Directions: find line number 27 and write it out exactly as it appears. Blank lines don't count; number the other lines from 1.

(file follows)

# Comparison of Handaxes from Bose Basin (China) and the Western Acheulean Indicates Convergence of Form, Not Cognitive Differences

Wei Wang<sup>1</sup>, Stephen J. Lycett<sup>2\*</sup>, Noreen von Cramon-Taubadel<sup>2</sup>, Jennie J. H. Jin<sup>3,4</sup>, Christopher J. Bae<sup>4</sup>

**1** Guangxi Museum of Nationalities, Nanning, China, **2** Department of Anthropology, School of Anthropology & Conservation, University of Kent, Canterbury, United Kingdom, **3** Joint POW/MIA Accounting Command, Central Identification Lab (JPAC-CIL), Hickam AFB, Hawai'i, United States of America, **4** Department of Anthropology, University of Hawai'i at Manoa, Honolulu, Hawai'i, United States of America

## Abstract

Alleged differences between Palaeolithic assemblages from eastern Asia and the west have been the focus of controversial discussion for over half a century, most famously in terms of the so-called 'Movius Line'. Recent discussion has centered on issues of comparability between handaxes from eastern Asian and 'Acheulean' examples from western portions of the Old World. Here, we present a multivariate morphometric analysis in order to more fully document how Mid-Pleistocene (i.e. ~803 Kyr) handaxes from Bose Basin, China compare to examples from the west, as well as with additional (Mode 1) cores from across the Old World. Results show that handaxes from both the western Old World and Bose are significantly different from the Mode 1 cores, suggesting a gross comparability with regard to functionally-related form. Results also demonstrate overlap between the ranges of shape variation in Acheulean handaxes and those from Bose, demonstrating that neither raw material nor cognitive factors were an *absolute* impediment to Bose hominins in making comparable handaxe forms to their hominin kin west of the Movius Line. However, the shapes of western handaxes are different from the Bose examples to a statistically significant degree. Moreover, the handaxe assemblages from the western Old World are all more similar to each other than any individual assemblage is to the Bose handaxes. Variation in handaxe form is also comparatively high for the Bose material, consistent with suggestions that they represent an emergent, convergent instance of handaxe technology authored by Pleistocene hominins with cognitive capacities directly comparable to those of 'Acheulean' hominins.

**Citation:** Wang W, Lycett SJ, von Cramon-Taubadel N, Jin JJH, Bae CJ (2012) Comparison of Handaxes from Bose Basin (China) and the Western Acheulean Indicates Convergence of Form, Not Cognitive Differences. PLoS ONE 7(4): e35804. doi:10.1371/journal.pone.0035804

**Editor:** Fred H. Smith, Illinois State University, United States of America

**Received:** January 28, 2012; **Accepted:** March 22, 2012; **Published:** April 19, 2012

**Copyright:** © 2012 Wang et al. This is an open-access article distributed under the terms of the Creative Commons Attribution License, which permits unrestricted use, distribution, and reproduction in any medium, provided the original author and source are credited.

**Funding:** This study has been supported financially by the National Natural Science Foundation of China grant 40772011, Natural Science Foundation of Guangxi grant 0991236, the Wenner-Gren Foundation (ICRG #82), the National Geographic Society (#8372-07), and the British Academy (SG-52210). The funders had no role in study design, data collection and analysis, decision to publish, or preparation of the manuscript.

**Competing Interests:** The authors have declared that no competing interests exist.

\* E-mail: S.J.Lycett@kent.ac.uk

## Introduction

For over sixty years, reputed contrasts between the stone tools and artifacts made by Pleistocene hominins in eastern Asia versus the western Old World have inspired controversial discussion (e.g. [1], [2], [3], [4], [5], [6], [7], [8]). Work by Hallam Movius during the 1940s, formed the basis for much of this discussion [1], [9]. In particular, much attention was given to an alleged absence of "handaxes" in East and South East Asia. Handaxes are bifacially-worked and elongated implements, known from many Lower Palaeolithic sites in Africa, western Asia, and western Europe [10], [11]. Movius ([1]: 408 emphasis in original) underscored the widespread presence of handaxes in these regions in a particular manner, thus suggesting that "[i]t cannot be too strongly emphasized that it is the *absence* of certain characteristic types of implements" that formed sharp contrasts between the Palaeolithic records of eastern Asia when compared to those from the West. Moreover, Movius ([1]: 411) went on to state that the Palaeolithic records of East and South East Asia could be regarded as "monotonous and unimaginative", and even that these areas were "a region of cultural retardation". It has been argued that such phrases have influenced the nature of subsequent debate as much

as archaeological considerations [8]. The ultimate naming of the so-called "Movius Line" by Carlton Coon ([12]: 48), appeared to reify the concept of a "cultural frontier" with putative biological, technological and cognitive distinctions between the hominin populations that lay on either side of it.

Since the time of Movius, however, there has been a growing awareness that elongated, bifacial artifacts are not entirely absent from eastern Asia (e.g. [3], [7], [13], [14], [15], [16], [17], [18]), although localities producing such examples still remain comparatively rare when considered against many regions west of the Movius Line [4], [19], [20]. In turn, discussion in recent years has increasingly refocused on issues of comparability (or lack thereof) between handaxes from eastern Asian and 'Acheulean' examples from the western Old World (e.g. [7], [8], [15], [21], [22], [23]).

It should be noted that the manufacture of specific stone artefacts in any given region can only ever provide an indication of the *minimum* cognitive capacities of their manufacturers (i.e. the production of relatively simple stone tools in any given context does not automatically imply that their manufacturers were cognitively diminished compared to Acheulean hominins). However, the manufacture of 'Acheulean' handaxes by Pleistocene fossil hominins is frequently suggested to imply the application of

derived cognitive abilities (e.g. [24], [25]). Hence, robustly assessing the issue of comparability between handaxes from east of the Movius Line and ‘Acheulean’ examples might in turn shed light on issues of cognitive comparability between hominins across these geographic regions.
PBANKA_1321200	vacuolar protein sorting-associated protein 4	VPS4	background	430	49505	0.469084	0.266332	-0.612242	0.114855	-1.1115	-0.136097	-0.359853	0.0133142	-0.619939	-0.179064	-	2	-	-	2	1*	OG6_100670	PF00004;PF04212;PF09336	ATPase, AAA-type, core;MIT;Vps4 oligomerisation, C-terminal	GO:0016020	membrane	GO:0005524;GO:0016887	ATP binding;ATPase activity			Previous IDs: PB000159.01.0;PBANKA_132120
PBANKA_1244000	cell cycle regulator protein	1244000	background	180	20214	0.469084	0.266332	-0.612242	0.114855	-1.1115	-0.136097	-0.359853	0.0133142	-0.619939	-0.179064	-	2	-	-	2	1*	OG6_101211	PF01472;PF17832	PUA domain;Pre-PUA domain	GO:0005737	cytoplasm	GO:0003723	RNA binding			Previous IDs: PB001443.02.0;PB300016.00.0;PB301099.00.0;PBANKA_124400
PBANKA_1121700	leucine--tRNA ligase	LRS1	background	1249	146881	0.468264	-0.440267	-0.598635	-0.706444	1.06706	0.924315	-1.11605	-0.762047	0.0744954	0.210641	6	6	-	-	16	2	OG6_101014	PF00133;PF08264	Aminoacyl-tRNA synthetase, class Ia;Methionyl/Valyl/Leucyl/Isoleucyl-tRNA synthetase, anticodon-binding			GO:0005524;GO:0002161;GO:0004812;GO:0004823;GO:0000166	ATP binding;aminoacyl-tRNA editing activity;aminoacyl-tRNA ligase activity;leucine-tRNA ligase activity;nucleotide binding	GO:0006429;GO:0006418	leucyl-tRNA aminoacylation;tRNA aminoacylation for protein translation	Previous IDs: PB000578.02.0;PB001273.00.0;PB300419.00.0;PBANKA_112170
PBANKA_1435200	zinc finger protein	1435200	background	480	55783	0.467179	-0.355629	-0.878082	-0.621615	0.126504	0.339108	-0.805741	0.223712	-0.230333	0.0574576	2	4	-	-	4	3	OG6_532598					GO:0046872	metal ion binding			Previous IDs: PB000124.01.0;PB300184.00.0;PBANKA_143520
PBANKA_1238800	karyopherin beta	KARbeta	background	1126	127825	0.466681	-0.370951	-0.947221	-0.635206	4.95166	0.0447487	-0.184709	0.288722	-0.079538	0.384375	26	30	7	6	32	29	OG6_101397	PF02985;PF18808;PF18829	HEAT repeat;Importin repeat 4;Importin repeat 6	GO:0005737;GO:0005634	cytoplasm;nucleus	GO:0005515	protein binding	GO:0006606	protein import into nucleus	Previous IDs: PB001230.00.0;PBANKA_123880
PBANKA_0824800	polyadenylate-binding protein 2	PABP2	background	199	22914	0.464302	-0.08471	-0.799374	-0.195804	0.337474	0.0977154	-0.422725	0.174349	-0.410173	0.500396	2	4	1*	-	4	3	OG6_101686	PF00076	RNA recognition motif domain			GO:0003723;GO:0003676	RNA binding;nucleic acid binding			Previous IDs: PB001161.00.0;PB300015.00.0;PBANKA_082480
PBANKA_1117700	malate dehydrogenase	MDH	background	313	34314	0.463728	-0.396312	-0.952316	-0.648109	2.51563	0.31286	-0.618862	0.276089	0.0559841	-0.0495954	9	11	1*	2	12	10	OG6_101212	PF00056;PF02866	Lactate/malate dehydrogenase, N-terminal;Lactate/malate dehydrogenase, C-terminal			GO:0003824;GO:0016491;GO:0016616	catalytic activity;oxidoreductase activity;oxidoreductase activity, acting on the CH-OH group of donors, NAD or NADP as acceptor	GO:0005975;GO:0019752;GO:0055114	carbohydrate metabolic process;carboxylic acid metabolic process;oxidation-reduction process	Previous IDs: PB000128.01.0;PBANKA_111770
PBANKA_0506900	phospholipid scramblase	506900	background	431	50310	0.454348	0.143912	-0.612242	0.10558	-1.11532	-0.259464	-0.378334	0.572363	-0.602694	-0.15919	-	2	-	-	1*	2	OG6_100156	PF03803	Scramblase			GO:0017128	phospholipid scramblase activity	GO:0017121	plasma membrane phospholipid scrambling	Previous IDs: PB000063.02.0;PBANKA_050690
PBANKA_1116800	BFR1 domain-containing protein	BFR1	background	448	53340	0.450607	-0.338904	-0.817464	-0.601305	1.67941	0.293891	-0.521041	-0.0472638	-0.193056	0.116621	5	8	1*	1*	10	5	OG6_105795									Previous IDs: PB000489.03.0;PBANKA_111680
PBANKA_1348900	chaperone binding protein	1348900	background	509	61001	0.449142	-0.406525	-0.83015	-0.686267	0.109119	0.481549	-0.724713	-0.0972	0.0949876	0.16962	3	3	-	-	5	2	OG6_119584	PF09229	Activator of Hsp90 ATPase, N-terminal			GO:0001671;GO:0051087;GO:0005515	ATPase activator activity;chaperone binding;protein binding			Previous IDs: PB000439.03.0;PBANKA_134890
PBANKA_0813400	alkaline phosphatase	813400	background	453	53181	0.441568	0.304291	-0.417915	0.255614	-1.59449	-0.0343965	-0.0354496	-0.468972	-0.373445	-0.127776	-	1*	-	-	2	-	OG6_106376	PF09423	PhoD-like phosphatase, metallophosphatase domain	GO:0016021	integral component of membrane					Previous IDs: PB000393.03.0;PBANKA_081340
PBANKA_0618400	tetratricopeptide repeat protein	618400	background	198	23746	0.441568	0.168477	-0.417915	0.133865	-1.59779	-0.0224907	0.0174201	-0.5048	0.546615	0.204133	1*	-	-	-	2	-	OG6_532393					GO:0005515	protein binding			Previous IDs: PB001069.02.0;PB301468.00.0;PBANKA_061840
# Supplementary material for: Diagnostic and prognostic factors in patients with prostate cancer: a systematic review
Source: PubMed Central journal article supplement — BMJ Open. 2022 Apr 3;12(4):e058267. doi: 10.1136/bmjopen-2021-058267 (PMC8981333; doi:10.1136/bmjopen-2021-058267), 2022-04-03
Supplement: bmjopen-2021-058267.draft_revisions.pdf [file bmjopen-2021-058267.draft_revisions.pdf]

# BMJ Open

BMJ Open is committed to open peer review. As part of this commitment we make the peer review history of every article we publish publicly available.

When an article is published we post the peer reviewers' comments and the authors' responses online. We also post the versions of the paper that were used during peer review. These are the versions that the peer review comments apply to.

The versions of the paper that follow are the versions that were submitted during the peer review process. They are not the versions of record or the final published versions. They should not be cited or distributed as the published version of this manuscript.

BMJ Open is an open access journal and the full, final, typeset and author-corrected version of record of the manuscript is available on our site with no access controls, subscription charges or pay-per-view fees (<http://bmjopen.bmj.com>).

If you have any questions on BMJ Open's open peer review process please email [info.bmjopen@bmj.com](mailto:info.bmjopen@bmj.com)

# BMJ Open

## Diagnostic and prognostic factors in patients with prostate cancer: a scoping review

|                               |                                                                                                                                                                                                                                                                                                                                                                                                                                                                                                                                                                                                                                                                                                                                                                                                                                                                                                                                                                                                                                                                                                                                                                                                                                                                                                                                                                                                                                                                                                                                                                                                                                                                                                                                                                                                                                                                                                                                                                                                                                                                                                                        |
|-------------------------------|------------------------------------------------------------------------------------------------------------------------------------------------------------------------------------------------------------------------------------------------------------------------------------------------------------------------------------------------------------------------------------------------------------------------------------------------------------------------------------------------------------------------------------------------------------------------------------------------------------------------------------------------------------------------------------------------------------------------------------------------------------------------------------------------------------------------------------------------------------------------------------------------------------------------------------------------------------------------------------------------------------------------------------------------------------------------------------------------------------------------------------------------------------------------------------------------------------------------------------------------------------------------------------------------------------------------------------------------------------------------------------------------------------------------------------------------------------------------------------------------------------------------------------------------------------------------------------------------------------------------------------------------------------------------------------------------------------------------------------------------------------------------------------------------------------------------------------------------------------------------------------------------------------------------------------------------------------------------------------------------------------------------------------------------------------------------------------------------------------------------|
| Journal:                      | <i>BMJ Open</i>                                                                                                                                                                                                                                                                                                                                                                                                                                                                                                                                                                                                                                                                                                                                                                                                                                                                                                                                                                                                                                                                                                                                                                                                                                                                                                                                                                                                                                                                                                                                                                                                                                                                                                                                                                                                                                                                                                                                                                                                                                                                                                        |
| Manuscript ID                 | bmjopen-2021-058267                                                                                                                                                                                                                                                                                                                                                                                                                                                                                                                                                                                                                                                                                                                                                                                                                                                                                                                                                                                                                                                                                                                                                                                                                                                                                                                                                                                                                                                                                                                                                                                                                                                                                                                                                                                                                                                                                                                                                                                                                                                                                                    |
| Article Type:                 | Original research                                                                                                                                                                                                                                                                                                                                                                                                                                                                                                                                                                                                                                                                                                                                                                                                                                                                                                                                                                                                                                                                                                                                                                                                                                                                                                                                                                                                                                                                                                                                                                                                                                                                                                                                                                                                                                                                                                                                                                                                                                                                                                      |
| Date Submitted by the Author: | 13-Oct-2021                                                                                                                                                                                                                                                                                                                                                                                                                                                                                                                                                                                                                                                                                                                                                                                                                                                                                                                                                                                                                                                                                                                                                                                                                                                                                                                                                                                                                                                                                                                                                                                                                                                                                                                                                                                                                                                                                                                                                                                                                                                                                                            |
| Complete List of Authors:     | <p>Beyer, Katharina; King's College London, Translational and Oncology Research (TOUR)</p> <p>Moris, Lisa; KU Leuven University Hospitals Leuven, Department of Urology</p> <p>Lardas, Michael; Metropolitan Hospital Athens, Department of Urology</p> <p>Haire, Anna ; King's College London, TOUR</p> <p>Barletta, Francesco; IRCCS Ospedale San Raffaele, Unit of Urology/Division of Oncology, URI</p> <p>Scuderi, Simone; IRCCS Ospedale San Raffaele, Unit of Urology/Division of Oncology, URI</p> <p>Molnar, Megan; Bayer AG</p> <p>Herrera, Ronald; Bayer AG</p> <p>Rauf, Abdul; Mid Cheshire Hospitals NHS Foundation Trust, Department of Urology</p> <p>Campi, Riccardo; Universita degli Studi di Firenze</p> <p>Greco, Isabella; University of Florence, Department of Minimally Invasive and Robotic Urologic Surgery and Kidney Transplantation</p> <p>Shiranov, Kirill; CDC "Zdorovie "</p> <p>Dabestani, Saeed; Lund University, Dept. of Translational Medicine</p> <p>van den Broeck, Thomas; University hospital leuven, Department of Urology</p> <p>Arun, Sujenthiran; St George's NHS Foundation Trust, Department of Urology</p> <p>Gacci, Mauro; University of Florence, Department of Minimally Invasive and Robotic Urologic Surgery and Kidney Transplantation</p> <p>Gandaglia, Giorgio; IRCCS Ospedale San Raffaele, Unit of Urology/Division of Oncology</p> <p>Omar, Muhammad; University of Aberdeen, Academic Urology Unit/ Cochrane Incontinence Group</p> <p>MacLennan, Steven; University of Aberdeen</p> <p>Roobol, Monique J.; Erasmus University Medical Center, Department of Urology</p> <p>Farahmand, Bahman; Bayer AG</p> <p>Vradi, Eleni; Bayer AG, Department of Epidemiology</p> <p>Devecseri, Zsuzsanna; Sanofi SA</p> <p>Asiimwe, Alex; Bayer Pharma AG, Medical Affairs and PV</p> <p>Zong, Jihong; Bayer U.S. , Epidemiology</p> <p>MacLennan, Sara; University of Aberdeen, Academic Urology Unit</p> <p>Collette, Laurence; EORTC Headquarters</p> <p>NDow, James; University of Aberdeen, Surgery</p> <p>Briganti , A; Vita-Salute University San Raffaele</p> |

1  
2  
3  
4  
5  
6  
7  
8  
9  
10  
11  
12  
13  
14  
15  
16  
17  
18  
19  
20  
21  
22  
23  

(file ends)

PBANKA_1116800	BFR1 domain-containing protein	BFR1	background	448	53340	0.450607	-0.338904	-0.817464	-0.601305	1.67941	0.293891	-0.521041	-0.0472638	-0.193056	0.116621	5	8	1*	1*	10	5	OG6_105795									Previous IDs: PB000489.03.0;PBANKA_111680